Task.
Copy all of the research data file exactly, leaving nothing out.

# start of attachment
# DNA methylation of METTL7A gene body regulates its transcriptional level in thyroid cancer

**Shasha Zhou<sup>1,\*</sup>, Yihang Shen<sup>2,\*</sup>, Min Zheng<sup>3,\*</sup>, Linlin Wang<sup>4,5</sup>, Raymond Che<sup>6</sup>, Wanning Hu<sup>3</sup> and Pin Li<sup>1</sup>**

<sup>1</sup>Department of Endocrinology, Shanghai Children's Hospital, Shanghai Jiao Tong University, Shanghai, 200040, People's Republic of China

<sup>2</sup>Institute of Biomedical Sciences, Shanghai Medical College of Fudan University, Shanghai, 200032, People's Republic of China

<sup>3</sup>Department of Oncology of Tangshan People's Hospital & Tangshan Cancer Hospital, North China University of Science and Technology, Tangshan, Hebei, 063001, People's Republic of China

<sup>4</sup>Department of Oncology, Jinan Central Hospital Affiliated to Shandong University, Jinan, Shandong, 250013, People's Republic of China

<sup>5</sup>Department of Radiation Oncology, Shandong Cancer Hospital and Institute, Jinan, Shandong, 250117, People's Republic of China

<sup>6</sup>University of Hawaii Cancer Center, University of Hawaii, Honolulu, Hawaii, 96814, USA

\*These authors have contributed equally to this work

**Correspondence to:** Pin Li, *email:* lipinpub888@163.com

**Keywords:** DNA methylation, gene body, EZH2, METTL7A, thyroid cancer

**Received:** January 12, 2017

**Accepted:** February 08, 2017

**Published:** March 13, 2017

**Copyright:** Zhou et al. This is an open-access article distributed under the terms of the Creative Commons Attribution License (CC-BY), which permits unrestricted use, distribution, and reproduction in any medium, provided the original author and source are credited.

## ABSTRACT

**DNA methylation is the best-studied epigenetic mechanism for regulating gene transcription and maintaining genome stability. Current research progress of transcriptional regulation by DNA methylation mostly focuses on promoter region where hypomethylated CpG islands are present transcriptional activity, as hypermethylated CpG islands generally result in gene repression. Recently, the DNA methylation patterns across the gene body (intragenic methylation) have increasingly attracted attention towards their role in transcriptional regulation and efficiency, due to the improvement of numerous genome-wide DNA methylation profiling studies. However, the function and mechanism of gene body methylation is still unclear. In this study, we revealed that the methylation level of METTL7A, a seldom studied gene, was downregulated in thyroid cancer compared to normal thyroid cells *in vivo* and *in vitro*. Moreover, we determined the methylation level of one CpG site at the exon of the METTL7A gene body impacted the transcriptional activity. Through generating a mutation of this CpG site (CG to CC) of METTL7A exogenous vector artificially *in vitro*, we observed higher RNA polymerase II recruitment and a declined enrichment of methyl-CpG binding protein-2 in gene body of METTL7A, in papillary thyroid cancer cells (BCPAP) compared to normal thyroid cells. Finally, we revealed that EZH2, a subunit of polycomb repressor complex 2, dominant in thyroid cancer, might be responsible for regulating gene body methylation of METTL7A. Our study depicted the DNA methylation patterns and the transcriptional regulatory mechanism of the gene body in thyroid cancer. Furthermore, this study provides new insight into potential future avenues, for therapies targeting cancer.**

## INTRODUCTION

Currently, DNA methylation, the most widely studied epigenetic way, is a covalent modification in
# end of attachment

# DNA methylation of METTL7A gene body regulates its transcriptional level in thyroid cancer

**Shasha Zhou<sup>1,\*</sup>, Yihang Shen<sup>2,\*</sup>, Min Zheng<sup>3,\*</sup>, Linlin Wang<sup>4,5</sup>, Raymond Che<sup>6</sup>, Wanning Hu<sup>3</sup> and Pin Li<sup>1</sup>**

<sup>1</sup>Department of Endocrinology, Shanghai Children's Hospital, Shanghai Jiao Tong University, Shanghai, 200040, People's Republic of China

<sup>2</sup>Institute of Biomedical Sciences, Shanghai Medical College of Fudan University, Shanghai, 200032, People's Republic of China

<sup>3</sup>Department of Oncology of Tangshan People's Hospital & Tangshan Cancer Hospital, North China University of Science and Technology, Tangshan, Hebei, 063001, People's Republic of China

<sup>4</sup>Department of Oncology, Jinan Central Hospital Affiliated to Shandong University, Jinan, Shandong, 250013, People's Republic of China

<sup>5</sup>Department of Radiation Oncology, Shandong Cancer Hospital and Institute, Jinan, Shandong, 250117, People's Republic of China

<sup>6</sup>University of Hawaii Cancer Center, University of Hawaii, Honolulu, Hawaii, 96814, USA

\*These authors have contributed equally to this work

**Correspondence to:** Pin Li, *email:* lipinpub888@163.com

**Keywords:** DNA methylation, gene body, EZH2, METTL7A, thyroid cancer

**Received:** January 12, 2017

**Accepted:** February 08, 2017

**Published:** March 13, 2017

**Copyright:** Zhou et al. This is an open-access article distributed under the terms of the Creative Commons Attribution License (CC-BY), which permits unrestricted use, distribution, and reproduction in any medium, provided the original author and source are credited.

## ABSTRACT

**DNA methylation is the best-studied epigenetic mechanism for regulating gene transcription and maintaining genome stability. Current research progress of transcriptional regulation by DNA methylation mostly focuses on promoter region where hypomethylated CpG islands are present transcriptional activity, as hypermethylated CpG islands generally result in gene repression. Recently, the DNA methylation patterns across the gene body (intragenic methylation) have increasingly attracted attention towards their role in transcriptional regulation and efficiency, due to the improvement of numerous genome-wide DNA methylation profiling studies. However, the function and mechanism of gene body methylation is still unclear. In this study, we revealed that the methylation level of METTL7A, a seldom studied gene, was downregulated in thyroid cancer compared to normal thyroid cells *in vivo* and *in vitro*. Moreover, we determined the methylation level of one CpG site at the exon of the METTL7A gene body impacted the transcriptional activity. Through generating a mutation of this CpG site (CG to CC) of METTL7A exogenous vector artificially *in vitro*, we observed higher RNA polymerase II recruitment and a declined enrichment of methyl-CpG binding protein-2 in gene body of METTL7A, in papillary thyroid cancer cells (BCPAP) compared to normal thyroid cells. Finally, we revealed that EZH2, a subunit of polycomb repressor complex 2, dominant in thyroid cancer, might be responsible for regulating gene body methylation of METTL7A. Our study depicted the DNA methylation patterns and the transcriptional regulatory mechanism of the gene body in thyroid cancer. Furthermore, this study provides new insight into potential future avenues, for therapies targeting cancer.**

## INTRODUCTION

Currently, DNA methylation, the most widely studied epigenetic way, is a covalent modification in